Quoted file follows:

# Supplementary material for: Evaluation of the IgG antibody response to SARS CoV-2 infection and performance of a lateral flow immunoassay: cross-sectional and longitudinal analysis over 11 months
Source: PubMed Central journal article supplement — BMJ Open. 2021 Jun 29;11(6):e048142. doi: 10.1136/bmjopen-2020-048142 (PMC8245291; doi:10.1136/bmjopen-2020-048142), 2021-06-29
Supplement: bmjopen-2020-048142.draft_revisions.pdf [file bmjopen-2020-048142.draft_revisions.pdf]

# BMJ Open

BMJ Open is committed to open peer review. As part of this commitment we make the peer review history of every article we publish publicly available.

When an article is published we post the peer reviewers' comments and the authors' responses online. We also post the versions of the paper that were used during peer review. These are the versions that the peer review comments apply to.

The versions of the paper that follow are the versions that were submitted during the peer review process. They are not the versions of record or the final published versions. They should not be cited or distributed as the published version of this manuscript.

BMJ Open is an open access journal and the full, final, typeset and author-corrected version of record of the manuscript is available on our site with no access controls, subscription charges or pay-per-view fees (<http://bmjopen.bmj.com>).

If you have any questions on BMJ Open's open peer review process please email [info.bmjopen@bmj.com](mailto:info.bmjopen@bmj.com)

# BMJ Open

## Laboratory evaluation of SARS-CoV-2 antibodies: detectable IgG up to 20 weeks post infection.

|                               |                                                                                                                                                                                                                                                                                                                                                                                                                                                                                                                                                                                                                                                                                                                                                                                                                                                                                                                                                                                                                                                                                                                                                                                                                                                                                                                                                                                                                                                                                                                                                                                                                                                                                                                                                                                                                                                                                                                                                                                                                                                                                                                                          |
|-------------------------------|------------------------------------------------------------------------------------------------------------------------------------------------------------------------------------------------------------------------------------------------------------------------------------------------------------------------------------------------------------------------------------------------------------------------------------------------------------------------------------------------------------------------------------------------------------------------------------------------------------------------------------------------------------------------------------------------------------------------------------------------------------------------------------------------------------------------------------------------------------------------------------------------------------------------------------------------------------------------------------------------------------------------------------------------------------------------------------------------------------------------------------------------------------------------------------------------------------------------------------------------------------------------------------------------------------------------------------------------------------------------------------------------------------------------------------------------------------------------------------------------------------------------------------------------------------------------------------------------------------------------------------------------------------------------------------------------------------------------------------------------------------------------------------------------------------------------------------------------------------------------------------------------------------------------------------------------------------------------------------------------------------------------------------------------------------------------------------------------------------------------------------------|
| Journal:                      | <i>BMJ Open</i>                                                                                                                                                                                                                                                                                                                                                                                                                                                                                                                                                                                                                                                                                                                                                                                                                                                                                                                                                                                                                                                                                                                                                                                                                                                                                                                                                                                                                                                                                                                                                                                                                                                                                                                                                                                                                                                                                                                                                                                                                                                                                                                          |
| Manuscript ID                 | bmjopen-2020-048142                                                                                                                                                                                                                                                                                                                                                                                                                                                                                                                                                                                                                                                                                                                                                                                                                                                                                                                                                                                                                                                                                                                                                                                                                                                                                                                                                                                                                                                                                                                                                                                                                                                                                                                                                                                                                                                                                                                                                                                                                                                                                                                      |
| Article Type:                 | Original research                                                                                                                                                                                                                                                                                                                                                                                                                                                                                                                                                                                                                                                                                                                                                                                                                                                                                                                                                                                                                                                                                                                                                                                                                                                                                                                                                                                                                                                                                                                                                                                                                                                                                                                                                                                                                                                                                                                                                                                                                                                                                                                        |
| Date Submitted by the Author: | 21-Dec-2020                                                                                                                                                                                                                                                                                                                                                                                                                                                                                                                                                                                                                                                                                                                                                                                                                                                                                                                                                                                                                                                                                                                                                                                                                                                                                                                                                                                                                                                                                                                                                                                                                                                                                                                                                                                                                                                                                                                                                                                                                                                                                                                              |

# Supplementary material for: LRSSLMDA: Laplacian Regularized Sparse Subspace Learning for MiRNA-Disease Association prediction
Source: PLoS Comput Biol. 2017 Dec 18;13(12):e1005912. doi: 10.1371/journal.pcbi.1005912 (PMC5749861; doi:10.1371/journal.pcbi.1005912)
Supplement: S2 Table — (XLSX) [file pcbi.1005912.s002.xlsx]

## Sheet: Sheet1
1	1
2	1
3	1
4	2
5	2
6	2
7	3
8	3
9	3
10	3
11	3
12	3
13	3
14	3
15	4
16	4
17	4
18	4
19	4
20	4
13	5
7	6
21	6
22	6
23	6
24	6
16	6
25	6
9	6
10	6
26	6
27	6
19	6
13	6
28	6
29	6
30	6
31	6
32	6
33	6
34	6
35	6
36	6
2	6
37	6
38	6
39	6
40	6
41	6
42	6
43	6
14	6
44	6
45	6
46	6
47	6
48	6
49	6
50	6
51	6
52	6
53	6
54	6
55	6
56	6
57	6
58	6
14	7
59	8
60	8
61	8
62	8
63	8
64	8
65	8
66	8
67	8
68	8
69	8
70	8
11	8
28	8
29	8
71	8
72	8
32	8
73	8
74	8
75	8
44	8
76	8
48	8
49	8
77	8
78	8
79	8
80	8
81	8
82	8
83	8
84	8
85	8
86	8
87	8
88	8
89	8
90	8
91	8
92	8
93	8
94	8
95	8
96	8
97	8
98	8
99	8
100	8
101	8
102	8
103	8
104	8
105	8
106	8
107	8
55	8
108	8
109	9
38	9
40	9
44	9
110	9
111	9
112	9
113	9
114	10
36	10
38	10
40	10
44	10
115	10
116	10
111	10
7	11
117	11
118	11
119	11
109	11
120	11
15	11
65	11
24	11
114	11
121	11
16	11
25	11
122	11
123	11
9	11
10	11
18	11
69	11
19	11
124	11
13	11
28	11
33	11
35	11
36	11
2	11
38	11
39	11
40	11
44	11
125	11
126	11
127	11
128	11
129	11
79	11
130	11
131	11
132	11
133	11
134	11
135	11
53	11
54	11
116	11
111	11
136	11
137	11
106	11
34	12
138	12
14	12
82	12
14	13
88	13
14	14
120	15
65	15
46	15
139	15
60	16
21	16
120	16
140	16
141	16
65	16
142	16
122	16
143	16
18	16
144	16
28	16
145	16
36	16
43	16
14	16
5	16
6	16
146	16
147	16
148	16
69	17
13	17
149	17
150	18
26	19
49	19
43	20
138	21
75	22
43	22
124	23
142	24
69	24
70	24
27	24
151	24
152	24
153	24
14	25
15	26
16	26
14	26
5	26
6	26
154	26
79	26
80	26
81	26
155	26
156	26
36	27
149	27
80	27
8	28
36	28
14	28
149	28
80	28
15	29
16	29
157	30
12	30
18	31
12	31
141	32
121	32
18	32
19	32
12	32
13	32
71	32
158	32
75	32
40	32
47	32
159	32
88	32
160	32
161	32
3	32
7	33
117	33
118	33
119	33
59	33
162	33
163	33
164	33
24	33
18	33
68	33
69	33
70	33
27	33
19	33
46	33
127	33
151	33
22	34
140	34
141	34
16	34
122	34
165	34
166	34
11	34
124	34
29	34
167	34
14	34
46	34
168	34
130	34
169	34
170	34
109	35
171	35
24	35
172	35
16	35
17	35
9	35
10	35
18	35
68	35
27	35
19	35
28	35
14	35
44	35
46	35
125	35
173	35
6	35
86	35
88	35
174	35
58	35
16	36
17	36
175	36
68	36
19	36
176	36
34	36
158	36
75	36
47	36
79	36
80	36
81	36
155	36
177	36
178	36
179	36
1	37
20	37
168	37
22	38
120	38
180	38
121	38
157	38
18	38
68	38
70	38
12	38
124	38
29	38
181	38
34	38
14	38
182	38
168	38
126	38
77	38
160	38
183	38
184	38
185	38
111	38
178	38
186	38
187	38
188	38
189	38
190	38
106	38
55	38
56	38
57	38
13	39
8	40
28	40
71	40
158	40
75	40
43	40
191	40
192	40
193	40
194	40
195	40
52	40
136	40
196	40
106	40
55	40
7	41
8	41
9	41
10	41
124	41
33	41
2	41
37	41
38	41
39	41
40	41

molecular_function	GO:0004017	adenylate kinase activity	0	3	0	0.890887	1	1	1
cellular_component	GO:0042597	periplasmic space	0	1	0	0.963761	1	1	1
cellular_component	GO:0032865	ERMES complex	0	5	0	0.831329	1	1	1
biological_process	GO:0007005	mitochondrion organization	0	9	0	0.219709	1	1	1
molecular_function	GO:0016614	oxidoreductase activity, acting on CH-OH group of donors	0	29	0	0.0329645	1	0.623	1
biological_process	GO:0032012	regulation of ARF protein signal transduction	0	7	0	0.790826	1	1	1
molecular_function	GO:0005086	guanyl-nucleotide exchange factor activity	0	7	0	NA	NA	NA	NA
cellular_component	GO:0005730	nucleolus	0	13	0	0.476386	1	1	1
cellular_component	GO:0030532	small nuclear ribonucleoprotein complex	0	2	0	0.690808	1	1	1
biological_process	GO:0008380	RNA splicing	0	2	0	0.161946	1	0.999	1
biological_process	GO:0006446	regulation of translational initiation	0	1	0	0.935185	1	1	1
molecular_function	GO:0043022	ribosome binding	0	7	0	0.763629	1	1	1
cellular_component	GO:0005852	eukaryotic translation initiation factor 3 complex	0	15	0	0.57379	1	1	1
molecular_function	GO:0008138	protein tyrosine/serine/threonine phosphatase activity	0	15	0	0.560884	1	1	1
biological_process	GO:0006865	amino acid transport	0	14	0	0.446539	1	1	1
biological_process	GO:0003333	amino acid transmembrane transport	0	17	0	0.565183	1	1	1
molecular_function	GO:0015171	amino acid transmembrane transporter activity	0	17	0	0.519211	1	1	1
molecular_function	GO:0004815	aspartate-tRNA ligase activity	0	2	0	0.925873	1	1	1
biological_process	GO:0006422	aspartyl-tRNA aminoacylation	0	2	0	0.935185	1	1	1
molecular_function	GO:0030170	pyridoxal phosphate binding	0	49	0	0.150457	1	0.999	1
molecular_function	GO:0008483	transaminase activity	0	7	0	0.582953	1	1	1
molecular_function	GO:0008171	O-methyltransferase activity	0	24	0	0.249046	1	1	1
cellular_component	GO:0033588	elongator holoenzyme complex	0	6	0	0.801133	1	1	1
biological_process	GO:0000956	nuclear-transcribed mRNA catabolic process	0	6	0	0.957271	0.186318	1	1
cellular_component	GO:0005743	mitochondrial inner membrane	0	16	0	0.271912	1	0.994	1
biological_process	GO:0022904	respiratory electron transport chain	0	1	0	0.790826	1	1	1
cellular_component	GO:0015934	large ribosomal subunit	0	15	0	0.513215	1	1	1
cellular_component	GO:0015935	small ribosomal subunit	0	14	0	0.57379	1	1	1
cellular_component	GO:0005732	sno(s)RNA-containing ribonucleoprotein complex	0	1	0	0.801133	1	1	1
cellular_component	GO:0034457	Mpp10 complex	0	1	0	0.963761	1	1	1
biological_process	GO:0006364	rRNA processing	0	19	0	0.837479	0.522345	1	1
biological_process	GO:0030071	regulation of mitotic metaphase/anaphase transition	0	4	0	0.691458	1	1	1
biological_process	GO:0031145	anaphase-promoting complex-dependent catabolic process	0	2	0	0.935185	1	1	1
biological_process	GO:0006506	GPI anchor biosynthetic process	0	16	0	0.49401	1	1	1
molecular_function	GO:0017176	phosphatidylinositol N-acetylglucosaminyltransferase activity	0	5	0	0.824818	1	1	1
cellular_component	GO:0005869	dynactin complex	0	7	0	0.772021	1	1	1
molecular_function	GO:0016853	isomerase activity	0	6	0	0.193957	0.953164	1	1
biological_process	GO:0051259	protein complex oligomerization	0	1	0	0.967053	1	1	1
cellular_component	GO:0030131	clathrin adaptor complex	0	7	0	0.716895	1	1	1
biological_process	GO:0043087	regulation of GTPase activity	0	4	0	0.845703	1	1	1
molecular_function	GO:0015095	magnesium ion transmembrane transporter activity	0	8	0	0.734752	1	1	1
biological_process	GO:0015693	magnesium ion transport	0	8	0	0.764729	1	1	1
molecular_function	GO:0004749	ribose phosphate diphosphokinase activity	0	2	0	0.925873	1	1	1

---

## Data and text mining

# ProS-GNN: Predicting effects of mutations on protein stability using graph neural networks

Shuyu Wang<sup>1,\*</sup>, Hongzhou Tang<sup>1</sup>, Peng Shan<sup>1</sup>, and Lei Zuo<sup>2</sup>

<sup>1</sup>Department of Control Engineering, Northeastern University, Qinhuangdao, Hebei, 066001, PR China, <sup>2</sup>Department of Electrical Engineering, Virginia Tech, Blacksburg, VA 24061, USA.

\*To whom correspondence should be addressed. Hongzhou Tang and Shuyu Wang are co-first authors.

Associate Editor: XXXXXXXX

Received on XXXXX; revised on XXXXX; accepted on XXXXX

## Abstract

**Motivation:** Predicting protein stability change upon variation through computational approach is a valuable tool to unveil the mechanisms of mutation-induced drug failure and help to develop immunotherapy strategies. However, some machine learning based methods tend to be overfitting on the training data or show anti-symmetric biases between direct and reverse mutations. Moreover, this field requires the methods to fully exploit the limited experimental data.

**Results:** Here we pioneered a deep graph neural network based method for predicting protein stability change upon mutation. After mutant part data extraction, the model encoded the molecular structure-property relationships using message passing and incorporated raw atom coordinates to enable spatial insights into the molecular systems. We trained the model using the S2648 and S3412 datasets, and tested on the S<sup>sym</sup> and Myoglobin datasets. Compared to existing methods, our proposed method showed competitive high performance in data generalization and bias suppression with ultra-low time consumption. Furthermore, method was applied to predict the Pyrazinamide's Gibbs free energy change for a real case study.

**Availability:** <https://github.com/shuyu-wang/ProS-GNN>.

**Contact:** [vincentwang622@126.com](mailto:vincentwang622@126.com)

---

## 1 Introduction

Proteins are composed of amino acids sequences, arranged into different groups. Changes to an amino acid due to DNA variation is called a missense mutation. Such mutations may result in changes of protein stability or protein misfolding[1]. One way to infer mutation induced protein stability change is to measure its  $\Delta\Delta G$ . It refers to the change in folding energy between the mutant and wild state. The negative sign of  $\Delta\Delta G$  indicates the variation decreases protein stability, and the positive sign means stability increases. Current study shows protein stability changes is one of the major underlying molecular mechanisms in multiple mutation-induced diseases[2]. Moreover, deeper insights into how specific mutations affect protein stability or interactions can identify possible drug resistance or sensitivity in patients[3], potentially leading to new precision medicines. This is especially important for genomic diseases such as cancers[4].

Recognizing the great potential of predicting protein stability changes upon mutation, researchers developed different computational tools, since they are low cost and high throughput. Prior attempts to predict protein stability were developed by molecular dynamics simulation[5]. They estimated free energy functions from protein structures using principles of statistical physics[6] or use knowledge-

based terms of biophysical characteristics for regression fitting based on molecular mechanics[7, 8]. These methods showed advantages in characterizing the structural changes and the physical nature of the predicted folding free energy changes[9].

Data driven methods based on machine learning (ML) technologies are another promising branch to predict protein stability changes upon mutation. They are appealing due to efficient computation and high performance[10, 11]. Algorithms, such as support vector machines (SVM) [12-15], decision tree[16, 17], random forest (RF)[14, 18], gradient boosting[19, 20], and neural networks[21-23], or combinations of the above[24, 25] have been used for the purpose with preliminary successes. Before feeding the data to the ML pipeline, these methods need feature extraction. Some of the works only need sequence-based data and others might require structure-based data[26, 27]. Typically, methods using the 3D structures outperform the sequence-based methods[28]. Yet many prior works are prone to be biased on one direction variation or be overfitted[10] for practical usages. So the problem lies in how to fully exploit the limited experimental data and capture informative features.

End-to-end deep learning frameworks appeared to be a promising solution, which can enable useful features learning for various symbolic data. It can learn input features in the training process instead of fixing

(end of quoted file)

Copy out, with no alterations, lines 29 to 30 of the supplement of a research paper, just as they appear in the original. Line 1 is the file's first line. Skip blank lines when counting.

8	3
9	3